This grammar of English embraces major lexical, phonological, syntactic structures and interfaces. It is based on the substantive assumption: that the categories and structures at all levels represent mental substance, conceptual and/or perceptual. The adequacy of this assumption in expressing linguistic generalizations is tested. The lexicon is seen as central to the grammar; it contains signs with conceptual, or content, poles, minimally words, and perceptual, and expression, poles, segments. Both words and segments are differentiated by substance-based features. They determine the erection of syntactic and phonological structures at the interfaces from lexicon. The valencies of words, the identification of their semantically determined complements and modifiers, control the erection of syntactic structures in the form of dependency relations. However, the features of different segment types determines their placement in the syllable, or as prosodies. Despite this discrepancy, dependency and linearization are two of the analogical properties displayed by lexical, syntactic and phonological structure. Analogies among parts of the grammar are another consequence of substantiveness, as is the presence of figurativeness and iconicity.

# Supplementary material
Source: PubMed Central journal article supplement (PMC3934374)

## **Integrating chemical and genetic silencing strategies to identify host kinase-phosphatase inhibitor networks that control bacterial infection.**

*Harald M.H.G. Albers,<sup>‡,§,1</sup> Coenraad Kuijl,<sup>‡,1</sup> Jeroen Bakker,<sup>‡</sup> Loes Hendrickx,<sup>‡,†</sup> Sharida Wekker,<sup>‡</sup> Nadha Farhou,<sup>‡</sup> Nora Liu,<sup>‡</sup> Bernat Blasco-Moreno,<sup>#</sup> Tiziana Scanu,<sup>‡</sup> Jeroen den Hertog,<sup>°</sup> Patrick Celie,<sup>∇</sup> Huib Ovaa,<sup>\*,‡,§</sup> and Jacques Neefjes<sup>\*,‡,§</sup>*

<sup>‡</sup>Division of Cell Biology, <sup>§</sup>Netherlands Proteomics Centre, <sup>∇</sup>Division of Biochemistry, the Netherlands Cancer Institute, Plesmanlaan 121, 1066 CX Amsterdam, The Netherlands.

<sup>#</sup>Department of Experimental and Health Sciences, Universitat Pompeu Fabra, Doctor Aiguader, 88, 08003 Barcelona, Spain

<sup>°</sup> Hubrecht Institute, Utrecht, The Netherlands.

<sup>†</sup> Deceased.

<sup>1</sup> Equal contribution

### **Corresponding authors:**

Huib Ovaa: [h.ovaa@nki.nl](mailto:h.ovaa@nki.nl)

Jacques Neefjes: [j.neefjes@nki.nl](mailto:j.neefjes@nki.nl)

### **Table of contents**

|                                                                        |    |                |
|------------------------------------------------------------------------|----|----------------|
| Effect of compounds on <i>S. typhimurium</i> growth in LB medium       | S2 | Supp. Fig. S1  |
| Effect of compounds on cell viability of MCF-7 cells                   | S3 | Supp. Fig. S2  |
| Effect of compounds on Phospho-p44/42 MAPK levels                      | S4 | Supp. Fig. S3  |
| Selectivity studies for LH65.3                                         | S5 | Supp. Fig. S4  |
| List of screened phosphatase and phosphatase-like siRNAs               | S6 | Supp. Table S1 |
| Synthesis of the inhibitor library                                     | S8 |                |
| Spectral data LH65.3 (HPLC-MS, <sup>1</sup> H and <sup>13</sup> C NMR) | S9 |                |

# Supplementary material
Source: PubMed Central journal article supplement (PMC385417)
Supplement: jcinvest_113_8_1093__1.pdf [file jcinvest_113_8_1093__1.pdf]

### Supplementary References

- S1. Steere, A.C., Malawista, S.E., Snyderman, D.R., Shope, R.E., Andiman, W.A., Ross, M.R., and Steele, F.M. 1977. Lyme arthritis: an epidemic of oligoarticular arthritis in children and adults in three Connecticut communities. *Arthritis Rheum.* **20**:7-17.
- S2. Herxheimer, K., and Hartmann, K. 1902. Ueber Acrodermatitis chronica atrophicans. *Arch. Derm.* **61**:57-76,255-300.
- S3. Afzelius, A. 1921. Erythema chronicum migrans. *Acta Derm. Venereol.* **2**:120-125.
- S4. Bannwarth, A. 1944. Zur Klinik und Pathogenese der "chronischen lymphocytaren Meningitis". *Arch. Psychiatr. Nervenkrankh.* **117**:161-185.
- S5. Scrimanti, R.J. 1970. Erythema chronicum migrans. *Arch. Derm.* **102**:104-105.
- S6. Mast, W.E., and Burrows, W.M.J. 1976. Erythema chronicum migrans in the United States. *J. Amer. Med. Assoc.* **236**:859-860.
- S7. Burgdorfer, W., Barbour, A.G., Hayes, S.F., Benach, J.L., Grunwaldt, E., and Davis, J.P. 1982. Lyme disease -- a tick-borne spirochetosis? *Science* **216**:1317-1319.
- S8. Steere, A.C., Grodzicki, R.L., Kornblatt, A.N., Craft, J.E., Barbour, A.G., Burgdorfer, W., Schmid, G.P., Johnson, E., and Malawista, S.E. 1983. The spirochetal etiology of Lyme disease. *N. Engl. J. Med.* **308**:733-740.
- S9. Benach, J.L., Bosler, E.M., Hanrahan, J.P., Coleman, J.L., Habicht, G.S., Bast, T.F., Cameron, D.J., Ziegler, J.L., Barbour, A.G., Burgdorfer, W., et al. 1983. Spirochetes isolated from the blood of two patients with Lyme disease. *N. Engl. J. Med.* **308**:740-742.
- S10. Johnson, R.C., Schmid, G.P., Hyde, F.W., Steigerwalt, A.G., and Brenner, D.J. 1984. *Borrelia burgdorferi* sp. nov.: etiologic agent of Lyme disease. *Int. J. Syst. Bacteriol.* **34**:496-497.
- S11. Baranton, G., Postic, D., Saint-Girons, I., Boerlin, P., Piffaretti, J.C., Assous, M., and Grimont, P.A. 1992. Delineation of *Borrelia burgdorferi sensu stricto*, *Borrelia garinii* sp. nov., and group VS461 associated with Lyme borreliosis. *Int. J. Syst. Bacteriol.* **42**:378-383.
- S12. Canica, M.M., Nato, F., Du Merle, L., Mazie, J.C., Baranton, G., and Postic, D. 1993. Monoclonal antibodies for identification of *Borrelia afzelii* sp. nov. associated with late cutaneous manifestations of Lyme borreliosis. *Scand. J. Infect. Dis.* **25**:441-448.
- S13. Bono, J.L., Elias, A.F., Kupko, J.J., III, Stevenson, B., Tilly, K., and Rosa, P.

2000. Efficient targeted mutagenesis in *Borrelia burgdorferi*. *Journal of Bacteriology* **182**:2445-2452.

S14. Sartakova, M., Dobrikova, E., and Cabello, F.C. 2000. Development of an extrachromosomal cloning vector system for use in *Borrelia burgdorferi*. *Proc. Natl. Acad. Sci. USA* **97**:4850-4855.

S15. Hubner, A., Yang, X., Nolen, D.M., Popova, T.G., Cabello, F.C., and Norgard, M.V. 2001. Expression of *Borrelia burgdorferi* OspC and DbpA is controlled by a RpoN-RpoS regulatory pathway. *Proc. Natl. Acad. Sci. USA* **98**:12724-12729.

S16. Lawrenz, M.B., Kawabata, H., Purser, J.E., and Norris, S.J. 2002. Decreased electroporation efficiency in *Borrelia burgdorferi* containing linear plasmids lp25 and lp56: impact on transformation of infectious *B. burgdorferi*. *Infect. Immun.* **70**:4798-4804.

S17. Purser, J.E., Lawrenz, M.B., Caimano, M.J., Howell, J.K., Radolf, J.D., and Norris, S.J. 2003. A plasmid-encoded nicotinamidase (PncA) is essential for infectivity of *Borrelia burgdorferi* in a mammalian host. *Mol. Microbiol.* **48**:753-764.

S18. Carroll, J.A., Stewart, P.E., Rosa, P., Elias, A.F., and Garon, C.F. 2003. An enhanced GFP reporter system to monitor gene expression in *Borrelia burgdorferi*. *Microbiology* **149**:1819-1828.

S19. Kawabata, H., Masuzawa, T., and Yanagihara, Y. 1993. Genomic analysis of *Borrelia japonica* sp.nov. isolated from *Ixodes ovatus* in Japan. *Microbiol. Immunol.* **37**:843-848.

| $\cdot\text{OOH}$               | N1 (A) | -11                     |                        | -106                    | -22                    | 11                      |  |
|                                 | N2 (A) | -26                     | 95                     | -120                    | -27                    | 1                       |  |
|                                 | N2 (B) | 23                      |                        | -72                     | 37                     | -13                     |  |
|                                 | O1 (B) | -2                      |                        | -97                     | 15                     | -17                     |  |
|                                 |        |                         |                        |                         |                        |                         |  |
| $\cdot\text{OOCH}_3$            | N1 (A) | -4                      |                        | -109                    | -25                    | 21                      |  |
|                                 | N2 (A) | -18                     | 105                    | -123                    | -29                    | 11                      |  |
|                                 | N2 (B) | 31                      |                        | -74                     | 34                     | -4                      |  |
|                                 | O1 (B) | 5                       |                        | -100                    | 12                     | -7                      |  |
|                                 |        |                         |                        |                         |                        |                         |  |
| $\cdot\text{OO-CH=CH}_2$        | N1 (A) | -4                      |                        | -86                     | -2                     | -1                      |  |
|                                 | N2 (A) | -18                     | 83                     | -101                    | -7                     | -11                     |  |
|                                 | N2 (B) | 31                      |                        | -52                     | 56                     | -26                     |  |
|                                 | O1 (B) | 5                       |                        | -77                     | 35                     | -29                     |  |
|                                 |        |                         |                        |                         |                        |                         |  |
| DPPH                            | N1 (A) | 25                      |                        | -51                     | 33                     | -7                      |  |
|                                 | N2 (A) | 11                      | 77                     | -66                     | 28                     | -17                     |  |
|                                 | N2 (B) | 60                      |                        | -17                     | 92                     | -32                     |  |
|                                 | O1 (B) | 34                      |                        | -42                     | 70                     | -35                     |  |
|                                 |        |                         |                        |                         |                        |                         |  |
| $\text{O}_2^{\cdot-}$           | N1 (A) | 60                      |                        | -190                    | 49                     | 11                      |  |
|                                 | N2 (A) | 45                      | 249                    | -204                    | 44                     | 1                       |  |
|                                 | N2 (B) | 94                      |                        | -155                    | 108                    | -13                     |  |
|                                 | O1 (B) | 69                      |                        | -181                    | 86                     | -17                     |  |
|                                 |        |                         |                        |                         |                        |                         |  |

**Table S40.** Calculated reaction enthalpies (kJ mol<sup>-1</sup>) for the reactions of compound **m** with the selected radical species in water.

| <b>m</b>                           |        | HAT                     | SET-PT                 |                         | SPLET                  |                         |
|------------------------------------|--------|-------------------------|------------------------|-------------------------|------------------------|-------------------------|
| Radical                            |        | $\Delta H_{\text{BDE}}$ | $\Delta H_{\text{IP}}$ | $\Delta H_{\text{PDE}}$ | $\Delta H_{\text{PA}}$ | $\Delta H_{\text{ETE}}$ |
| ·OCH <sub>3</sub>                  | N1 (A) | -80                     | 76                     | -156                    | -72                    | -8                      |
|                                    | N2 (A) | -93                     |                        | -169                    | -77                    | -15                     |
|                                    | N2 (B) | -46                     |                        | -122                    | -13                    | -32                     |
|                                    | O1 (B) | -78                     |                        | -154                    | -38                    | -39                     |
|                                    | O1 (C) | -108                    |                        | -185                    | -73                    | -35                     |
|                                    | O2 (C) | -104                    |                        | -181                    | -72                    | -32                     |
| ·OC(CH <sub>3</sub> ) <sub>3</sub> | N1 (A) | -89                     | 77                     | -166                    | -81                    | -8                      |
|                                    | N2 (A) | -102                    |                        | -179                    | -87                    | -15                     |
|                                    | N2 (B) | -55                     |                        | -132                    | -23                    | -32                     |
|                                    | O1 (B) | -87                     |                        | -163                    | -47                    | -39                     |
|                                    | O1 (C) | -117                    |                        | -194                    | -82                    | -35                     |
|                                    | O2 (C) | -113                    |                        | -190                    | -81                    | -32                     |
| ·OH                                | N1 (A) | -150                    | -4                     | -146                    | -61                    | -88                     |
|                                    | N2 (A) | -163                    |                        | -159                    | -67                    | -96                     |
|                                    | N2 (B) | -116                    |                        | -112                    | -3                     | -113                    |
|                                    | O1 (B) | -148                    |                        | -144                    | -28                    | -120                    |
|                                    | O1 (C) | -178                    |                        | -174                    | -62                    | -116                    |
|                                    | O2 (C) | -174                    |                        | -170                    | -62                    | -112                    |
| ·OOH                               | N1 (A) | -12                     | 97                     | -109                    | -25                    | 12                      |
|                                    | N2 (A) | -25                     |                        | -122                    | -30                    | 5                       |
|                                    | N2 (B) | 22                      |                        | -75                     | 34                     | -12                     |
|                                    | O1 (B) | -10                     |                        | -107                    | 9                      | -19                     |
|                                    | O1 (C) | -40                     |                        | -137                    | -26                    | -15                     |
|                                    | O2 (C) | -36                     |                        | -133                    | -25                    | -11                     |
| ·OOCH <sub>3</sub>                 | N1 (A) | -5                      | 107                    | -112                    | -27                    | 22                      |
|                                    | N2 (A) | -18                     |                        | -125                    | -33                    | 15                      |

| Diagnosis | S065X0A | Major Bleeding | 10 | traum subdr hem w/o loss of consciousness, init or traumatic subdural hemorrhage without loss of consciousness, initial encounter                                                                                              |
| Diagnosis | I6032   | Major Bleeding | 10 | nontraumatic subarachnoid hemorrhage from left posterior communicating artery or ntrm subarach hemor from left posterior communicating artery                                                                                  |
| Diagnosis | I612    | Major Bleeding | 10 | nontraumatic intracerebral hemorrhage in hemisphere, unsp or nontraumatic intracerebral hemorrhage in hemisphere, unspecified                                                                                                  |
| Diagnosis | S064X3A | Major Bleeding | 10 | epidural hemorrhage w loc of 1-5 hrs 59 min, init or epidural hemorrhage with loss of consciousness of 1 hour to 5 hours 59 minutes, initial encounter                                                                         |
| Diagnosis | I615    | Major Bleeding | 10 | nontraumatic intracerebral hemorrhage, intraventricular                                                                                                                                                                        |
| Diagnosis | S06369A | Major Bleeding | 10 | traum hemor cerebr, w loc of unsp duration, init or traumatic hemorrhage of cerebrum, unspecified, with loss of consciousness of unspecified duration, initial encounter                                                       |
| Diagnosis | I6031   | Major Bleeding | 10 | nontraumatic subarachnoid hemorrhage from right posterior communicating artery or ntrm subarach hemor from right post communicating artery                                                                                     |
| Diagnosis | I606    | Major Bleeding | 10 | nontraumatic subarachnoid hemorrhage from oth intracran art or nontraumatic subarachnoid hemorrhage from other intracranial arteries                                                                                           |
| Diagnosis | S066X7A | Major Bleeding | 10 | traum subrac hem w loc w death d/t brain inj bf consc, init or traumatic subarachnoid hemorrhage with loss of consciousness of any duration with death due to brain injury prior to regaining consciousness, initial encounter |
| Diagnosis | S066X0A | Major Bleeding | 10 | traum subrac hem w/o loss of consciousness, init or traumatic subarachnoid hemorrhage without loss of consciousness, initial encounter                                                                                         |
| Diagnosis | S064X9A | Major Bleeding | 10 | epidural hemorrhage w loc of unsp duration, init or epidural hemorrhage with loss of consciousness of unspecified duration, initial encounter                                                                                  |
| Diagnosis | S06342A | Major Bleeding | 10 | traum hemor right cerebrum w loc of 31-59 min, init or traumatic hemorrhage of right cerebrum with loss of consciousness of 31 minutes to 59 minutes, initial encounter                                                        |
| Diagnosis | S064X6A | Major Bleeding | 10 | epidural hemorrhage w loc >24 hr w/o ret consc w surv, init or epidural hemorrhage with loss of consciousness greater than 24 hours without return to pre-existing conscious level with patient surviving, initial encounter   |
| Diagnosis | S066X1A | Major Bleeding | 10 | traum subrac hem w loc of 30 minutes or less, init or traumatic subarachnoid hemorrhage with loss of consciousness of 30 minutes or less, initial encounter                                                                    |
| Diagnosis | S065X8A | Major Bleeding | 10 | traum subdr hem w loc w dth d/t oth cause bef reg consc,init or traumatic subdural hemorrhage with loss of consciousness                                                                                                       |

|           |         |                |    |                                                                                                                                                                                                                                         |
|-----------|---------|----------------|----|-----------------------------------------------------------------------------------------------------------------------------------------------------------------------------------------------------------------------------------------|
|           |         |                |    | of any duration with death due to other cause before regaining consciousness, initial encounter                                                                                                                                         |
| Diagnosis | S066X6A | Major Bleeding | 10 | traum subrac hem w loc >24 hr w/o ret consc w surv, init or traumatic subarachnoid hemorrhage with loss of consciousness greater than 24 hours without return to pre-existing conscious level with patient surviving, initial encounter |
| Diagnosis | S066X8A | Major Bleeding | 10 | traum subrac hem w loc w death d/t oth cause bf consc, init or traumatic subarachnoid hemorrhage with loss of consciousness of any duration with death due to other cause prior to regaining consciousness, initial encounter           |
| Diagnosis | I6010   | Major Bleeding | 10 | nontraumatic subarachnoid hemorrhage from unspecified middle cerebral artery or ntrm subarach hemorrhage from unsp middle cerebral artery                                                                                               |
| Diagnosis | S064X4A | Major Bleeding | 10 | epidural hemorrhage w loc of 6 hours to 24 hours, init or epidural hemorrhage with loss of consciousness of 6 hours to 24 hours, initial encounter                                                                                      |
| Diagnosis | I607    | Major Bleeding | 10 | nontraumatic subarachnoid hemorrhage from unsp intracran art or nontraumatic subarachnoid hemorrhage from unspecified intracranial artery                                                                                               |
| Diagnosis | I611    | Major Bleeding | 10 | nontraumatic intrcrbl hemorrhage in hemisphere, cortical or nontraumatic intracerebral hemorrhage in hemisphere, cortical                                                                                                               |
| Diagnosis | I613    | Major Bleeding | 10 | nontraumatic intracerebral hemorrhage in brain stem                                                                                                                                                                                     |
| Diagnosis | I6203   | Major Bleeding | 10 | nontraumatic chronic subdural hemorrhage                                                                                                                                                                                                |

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John M. Anderson, Prof. Em. University of Edinburgh, UK.
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